Since previous work (see here, here, here, and here) suggested that the microbiome would have a potential role on performance during exercise, the researchers wanted to test whether the variability in the performance of different mice could be attributed to the microbiome, by performing “loss of function” (depletion of the microbiome) and “gain of function” (transplantation of the microbiome) experiments. Complete depletion of the microbiome with broad-spectrum antibiotics caused a decrease in the mice’s exercise performance by approximately 50%. On the contrary, transplantation of the microbiome from exercise-performing mice to “germ-free” mice (raised under sterile conditions and containing no microorganisms) increased the exercise performance of the recipient mice. In addition, the exercise performance of the recipient mice correlated with that of the donor mice. When the broad-spectrum antibiotic treatments were stopped, the exercise performance of the mice returned to normal, as did that of the germ-free mice when they were no longer kept under sterile conditions. Taken together, the results of these experiments suggest that the microbiome strongly contributes to the ability to exercise in mice.
In order to identify the class of microorganisms and more precisely which bacteria contribute to the increase in exercise performance, the mice were treated with narrower-spectrum antibiotics, and the intestines of germ-free mice were colonized with a single microorganism. Among the bacteria tested, those of the genera Eubacterium and Coprococcusimproved the exercise performance of mice, to levels comparable to those observed for mice that received a whole microbiome transplant.
At the mechanistic level, the researchers first tested whether the improvement in exercise performance by the microbiome was not caused by a favourable effect on muscle function. However, the results of several tests indicate that the microbiome has no significant effect on muscle physiology. The researchers’ attention then turned to motivation, one of the important factors contributing to exercise performance, along with musculoskeletal function.
One region of the brain that is particularly involved in motivation control is the striatum. As expected, levels of the main neurotransmitter involved in motivation/reward neural signals in the striatum, dopamine, increased after the mice exercised. However, this increase was much less significant in mice whose microbiome was depleted, indicating a role of the microbiome in the release of dopamine after exercise. Levels of two other important neurotransmitters in the striatum, namely glutamate and acetylcholine, did not change following exercise or microbiome depletion.
How can bacteria that colonize the gut boost dopamine levels in the brain? There are two possible pathways: 1) through circulating factors, i.e., metabolites produced by bacteria or 2) through afferent neural circuits. Proteomic analyses of blood samples did not identify any metabolites significantly associated with exercise performance that are related to the microbiome. The researchers therefore focused on the sensory neurons that innervate the intestine.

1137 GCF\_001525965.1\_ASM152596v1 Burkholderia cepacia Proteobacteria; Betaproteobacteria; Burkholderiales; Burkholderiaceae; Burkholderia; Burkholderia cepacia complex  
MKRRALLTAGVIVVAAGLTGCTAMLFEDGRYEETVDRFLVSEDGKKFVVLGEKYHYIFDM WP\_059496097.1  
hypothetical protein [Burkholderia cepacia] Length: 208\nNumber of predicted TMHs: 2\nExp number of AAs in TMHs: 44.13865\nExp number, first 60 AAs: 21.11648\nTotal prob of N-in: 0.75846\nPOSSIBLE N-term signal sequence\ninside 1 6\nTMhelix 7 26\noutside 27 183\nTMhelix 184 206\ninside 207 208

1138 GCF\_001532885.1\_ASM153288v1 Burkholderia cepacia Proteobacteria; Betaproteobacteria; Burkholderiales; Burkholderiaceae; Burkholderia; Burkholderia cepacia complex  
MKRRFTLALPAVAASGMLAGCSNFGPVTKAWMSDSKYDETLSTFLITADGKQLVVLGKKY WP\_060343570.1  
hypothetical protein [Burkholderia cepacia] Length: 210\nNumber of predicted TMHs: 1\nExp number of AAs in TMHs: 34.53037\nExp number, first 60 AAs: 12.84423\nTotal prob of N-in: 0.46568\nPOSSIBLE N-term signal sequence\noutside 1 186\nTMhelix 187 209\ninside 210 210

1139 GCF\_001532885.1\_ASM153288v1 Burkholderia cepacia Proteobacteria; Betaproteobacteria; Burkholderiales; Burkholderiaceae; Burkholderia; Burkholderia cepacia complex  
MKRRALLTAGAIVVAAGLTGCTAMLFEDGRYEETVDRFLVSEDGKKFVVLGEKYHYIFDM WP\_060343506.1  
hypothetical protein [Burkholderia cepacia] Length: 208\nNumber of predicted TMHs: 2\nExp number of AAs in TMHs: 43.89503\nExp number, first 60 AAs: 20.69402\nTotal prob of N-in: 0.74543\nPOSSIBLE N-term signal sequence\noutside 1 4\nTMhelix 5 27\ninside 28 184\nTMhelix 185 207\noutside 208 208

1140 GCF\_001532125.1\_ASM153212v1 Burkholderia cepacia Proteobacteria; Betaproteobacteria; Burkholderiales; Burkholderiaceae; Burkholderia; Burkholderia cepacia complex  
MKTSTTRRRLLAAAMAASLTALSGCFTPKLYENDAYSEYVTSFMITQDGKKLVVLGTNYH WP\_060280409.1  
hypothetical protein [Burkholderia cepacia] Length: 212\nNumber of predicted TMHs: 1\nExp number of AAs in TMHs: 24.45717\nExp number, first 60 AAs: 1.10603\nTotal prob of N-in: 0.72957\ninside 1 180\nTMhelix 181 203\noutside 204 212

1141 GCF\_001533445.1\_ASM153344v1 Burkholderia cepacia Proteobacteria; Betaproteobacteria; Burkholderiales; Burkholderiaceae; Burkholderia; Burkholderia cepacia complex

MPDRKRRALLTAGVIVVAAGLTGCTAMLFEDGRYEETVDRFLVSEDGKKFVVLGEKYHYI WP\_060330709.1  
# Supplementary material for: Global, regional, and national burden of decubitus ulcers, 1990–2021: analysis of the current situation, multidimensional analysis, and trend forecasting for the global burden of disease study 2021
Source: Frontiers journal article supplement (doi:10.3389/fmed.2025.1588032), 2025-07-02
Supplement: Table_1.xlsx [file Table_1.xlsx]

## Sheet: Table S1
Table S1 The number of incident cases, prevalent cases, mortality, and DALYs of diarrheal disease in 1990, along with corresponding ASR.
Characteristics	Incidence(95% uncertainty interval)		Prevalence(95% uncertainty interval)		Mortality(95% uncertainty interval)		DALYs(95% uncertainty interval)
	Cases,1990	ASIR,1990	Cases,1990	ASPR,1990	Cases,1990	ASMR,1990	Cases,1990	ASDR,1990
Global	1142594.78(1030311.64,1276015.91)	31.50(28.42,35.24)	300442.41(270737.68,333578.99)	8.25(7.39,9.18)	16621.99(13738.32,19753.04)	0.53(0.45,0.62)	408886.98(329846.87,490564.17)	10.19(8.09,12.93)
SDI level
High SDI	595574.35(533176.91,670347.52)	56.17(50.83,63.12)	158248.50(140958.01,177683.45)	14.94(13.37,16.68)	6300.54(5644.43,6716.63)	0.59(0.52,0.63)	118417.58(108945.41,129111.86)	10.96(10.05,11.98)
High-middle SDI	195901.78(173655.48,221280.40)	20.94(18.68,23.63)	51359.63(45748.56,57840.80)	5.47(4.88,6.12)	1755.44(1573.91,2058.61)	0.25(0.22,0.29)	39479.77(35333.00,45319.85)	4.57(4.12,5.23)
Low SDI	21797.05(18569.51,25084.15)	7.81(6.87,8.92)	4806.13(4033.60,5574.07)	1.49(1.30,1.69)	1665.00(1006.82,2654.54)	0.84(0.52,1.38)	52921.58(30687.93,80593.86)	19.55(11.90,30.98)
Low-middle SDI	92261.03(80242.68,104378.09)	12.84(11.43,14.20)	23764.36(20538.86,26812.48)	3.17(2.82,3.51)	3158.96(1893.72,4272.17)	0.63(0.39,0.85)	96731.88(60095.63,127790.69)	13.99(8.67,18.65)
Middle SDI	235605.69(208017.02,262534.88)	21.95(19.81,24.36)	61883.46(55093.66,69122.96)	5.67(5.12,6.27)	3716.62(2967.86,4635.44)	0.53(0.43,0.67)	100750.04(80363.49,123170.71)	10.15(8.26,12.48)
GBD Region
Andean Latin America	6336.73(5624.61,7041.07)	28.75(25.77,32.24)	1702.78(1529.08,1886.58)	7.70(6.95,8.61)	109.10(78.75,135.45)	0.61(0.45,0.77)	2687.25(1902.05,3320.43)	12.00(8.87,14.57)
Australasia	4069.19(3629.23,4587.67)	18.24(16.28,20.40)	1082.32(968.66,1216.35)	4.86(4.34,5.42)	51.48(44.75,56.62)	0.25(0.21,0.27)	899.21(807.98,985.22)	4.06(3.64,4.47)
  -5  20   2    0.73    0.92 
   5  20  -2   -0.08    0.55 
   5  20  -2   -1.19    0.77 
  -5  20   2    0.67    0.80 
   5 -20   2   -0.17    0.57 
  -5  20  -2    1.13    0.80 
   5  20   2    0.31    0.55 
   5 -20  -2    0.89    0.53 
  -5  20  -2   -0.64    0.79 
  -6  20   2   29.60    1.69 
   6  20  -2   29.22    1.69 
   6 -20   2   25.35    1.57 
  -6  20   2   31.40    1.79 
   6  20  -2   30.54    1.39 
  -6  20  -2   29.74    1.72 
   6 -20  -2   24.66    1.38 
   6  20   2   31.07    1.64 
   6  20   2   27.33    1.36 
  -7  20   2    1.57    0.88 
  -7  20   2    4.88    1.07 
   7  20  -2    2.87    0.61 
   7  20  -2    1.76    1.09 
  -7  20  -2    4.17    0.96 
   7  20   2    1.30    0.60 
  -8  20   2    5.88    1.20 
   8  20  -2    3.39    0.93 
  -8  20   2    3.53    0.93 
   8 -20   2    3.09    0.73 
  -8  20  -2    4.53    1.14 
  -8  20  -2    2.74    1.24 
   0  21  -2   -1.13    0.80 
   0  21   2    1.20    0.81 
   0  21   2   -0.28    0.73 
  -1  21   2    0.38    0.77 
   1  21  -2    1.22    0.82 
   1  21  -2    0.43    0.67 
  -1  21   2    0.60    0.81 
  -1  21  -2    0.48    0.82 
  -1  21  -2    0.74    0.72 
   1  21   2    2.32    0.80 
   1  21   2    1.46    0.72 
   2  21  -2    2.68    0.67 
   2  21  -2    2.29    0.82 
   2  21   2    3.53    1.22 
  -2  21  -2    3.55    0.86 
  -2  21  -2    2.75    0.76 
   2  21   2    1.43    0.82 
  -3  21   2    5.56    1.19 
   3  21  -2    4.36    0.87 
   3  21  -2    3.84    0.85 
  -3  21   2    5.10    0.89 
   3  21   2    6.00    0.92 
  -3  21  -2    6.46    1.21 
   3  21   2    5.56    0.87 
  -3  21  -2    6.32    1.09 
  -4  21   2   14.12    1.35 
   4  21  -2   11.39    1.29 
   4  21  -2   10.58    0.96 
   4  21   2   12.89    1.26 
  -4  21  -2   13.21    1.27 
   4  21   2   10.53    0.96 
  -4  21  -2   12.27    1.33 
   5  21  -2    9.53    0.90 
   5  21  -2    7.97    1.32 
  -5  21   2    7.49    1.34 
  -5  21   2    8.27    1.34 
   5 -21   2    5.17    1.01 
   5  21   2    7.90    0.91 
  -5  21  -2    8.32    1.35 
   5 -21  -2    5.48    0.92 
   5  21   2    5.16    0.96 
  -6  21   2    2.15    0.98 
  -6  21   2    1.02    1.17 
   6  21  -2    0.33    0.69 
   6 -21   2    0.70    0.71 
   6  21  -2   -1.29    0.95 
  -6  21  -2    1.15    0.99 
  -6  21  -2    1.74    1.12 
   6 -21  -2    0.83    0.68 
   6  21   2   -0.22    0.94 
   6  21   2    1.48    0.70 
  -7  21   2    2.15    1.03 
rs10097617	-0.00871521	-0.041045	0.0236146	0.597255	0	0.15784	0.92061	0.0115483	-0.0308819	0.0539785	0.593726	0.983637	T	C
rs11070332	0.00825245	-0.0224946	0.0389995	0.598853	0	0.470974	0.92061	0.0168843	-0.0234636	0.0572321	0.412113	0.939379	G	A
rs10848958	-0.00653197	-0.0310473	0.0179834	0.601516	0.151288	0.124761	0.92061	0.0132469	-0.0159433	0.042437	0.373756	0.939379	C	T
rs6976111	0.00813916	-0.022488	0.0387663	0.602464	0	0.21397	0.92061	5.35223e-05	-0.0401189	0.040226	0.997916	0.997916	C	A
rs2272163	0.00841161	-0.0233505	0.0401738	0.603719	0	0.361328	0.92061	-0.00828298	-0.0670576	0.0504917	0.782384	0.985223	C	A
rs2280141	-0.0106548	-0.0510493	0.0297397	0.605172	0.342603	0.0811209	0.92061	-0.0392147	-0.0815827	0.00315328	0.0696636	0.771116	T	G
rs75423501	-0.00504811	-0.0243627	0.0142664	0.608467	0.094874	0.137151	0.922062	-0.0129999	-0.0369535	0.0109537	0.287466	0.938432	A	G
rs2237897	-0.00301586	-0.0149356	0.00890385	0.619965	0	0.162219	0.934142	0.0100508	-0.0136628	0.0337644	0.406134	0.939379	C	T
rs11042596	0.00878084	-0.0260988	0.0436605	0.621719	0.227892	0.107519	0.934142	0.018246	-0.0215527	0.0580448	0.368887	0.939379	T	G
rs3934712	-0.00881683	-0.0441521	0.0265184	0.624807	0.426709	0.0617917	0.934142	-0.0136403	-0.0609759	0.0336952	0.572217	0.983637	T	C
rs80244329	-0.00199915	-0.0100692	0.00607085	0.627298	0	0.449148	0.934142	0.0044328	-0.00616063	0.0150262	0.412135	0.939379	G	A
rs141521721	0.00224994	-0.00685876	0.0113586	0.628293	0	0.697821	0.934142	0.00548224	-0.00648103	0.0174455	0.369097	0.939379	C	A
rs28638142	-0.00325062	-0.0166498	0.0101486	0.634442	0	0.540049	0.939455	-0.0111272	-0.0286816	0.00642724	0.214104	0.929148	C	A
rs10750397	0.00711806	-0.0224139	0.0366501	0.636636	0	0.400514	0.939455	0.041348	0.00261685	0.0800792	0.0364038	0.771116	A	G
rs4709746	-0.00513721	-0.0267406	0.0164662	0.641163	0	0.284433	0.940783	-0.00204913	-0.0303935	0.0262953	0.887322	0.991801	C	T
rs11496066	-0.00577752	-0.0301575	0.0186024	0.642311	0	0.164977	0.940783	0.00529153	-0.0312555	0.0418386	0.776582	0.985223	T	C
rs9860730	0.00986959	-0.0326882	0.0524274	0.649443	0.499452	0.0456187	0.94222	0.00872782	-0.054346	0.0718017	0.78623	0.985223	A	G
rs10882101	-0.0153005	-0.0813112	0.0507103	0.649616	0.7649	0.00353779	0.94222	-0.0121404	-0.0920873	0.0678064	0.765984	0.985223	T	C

The researchers used a line of mice (Trpv1DTA) in which a large part of the afferent vagus and spinal nerves that express the vanilloid receptor are absent. The exercise performance of Trpv1DTA mice is low, comparable to that of normal mice whose microbiome has been depleted by antibiotics. Microbiome depletion in Trpv1DTA mice did not alter exercise performance.
How can gut bacteria activate sensory nerves in the gut? The researchers showed that, in vitro, isolated spinal nerve neurons are activated by fecal extracts from normal mice, but much less by extracts from mice without microbiome. This result suggests that a metabolite from the microbiome is involved in the activation of sensory nerves. Metabolomics analyses identified candidates, several of the most potent of which were fatty acid amides (FAAs), such as N-oleoylethanolamide (OEA).
In order to prove that these compounds alone can boost exercise performance, the researchers introduced supplements of five FAAs to the diets of mice whose microbiome had been depleted by antibiotics. This supplementation restored signals generated by sensory nerves, increased levels of dopamine in the brain, and exercise performance. Then, the clever researchers transformed E. coli bacteria that normally do not produce FAA by introducing the genes responsible for the production of these metabolites. The intestines of germ-free mice were colonized with this bacterium modified to produce FAAs or with the parental line which does not produce FAAs. Exercise performance was improved by colonization with the FAA-producing bacteria, but not by colonization with the parent bacteria. Finally, the researchers showed that the effect of FAAs is mediated by cannabinoid type 1 (CB1) receptors, located in the sensory nerves in the intestine and which are connected to the brain via the spinal cord.
Studies done on mice don’t always translate to humans, but both have a similar endocannabinoid system connected to the ventral striatum. The results of this study suggest possible diet-based interventions to increase people’s motivation to exercise and optimize performance in elite athletes.